Maybe you’ve always wondered what it would be like to work from home. Would you live in your favorite sweats? Eat the day away? Fall victim to the dreaded work creep and live in front of your laptop? The fantasy may now be your reality. For better or worse, 29% of the nation’s employees now work from home due to COVID-19 social distancing requirements. If you’re reading this, you’re probably one of them.
In numerous studies, remote work has been shown to increase productivity, facilitate a better work/life balance, and boost job satisfaction – when it’s done right. Fail to properly plan for your new home office/den/laundry room, however, and you may find yourself frazzled, frustrated, and possibly even fired. To help you avoid the most common remote rookie mistakes, we’ve put together ten tips to make the transition smooth and successful.
Build a Dedicated Workspace
Just like at the office, you need a place to work. If you have a spare room that can be converted into a home office, that’s the ideal solution. A dedicated office means that you can close yourself inside when you don’t want to be disturbed, and keep the room closed off when you’re not working.
If you don’t have an extra room, find another quiet space, and reserve it just for work. Don’t let your kids use your work desk for coloring, and don’t sit there when you’re not on the clock. You must mentally train yourself (and everyone else) that this space is just for when you’re working and nothing else.
Invest in Technology
To be serious about your work, some seriously stellar technology is essential. As with any new business venture, you must be willing to invest in your success. Though this list will vary depending on your job, expect to purchase/procure the following:
- A computer (desktop or laptop)
- Internet service (ethernet is best)
- A high-performance router
- A printer/scanner
- Income tracking software
- Task management software
- A calendar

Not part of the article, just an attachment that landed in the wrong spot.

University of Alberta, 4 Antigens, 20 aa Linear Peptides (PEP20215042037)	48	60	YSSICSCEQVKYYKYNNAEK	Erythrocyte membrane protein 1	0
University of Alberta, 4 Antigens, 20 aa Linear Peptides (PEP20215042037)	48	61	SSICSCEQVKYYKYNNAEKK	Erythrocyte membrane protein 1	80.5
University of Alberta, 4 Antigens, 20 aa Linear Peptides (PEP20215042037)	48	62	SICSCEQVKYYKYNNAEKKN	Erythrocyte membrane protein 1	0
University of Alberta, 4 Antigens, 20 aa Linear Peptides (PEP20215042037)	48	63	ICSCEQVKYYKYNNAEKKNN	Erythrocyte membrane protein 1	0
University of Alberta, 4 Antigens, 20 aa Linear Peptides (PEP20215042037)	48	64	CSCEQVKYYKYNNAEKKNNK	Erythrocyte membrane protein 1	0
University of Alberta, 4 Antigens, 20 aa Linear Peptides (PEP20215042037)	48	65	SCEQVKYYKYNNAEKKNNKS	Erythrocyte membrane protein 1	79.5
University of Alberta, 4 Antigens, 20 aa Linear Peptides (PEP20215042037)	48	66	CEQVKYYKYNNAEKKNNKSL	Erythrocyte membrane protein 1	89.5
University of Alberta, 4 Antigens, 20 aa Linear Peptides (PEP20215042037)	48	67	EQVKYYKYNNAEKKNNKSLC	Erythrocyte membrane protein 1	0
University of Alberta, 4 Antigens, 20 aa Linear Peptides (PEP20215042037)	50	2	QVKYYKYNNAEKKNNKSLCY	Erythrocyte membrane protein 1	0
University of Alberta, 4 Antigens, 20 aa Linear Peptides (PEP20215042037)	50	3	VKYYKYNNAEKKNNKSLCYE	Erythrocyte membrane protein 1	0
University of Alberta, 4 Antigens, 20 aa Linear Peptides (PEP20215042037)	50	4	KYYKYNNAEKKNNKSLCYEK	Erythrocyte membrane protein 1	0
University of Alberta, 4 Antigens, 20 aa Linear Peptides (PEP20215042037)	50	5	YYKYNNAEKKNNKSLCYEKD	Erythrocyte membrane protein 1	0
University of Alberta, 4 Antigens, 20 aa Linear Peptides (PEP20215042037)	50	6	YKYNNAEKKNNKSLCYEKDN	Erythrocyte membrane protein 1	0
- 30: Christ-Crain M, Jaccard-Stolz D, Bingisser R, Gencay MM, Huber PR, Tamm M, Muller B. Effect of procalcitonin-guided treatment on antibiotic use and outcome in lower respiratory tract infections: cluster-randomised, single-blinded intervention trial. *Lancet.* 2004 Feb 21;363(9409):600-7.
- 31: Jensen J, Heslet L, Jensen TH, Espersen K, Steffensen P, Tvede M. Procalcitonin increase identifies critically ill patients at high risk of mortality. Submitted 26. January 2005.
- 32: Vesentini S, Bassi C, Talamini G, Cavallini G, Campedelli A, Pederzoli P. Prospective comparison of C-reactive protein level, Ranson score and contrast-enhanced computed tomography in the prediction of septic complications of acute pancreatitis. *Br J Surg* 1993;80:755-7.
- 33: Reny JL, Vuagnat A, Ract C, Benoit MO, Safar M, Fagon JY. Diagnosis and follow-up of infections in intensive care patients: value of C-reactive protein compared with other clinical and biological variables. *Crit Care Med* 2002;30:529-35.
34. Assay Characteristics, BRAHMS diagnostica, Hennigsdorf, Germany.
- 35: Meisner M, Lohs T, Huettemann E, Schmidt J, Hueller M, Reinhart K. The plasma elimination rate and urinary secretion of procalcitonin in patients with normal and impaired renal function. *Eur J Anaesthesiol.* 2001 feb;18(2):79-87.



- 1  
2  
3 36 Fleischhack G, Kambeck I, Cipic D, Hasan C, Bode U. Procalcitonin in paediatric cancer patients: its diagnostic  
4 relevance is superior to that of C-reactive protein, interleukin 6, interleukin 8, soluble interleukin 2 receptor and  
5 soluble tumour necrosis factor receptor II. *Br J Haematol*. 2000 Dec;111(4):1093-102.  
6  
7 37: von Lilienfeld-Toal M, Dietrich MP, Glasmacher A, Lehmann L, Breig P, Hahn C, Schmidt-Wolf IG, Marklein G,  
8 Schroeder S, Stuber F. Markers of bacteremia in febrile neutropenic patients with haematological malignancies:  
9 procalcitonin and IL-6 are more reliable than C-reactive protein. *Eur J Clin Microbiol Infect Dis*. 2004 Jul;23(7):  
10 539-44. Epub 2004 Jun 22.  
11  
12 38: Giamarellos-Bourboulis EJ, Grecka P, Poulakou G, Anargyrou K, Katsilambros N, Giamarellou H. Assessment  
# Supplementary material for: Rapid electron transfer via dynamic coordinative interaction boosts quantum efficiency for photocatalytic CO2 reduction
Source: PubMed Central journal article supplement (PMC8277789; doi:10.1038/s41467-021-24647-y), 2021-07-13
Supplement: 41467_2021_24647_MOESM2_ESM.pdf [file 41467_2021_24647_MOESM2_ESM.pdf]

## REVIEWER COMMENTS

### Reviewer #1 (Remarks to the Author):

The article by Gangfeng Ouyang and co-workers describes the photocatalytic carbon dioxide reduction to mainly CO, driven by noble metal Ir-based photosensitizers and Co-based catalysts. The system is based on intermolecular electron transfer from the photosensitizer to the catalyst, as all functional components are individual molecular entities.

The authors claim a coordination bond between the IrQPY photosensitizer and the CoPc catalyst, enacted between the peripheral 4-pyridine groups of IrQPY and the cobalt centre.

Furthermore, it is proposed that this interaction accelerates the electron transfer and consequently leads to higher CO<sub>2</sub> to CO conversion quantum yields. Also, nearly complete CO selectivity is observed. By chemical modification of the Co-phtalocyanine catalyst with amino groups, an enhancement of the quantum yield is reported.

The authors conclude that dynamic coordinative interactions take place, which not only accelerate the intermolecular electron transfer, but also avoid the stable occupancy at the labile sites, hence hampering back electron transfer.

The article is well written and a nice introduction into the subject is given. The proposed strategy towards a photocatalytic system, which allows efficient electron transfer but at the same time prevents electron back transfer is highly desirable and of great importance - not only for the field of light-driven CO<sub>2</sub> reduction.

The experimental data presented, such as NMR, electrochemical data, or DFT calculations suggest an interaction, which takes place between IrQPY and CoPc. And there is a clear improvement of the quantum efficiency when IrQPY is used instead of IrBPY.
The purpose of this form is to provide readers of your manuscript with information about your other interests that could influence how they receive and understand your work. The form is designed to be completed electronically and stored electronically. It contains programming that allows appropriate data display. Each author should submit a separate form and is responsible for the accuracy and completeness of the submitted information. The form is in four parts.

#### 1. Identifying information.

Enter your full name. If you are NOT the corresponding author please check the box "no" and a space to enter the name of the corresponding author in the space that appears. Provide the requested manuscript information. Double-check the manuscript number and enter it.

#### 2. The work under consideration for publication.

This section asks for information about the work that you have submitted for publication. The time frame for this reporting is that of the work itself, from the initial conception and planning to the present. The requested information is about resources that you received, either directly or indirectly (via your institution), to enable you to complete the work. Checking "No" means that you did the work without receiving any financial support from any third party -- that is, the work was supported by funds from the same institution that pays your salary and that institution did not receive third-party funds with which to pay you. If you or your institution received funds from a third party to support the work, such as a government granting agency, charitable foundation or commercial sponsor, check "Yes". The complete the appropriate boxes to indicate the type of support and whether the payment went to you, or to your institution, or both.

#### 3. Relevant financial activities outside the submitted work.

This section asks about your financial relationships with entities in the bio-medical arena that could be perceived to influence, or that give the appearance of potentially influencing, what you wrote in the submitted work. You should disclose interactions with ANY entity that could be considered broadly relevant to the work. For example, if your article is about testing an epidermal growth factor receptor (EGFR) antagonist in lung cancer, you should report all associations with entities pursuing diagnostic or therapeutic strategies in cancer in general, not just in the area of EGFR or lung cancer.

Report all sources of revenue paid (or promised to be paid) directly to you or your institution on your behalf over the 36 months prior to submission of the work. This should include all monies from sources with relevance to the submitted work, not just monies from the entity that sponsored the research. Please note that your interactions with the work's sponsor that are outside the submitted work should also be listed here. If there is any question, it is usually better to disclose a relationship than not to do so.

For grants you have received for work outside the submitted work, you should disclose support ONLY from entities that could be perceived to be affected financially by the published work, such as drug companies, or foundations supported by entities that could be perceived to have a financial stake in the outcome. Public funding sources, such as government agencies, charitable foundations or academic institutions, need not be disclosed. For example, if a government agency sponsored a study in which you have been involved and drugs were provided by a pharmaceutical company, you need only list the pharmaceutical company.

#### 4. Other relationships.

- Video conferencing software
- A file-sharing service
- Cellphone or dedicated phone line
- Office suite with Word/Excel/PowerPoint
This list far from all-inclusive. Bottom line: purchase everything you need to excel while working from home.
Set a Schedule and Stick to it
To avoid burnout (or not getting everything done), it’s imperative that you set concrete work hours and stick to them. That doesn’t mean you have to work 9 am – 5 pm, Monday through Friday, but it does mean you need to stay accountable to a schedule.
If your most productive hours are from 3 pm – 11 pm, then make that your schedule. If you’re pulling double-duty as a full-time parent, then give yourself a split schedule around school drop off and pick up, just be sure to stick to it. One of the benefits of working from home is a flexible schedule, but it will be your downfall if you don’t commit to working a set number of hours per day. Also, make sure you have a hard quitting time and adhere to it, otherwise, you’ll find yourself working all hours of the night, and that’s not healthy for your homelife.
Though it can be tempting to roll right out of bed and into your home office, don’t do it. Each of our daily activities sends a psychological signal to the brain, alerting us to prepare for the task ahead. By waking up an hour or so before starting work, having your coffee, taking a shower, brushing your teeth, and putting on business attire (or street clothes at the very least), you’re telling your body and brain that it’s time to get to work!
Studies have shown that “dressing for success” really does amp up productivity. Plus, you’ll never be embarrassed hopping on an impromptu video chat with a coworker or client.
Use a Planner or Task Management Software
When you first start working from home, it’s natural to think you’ll remember all the things that need to get done during the day. What you’ll quickly realize, however, is that without efficiently managing your deadlines and appointments, things rapidly begin falling through the cracks.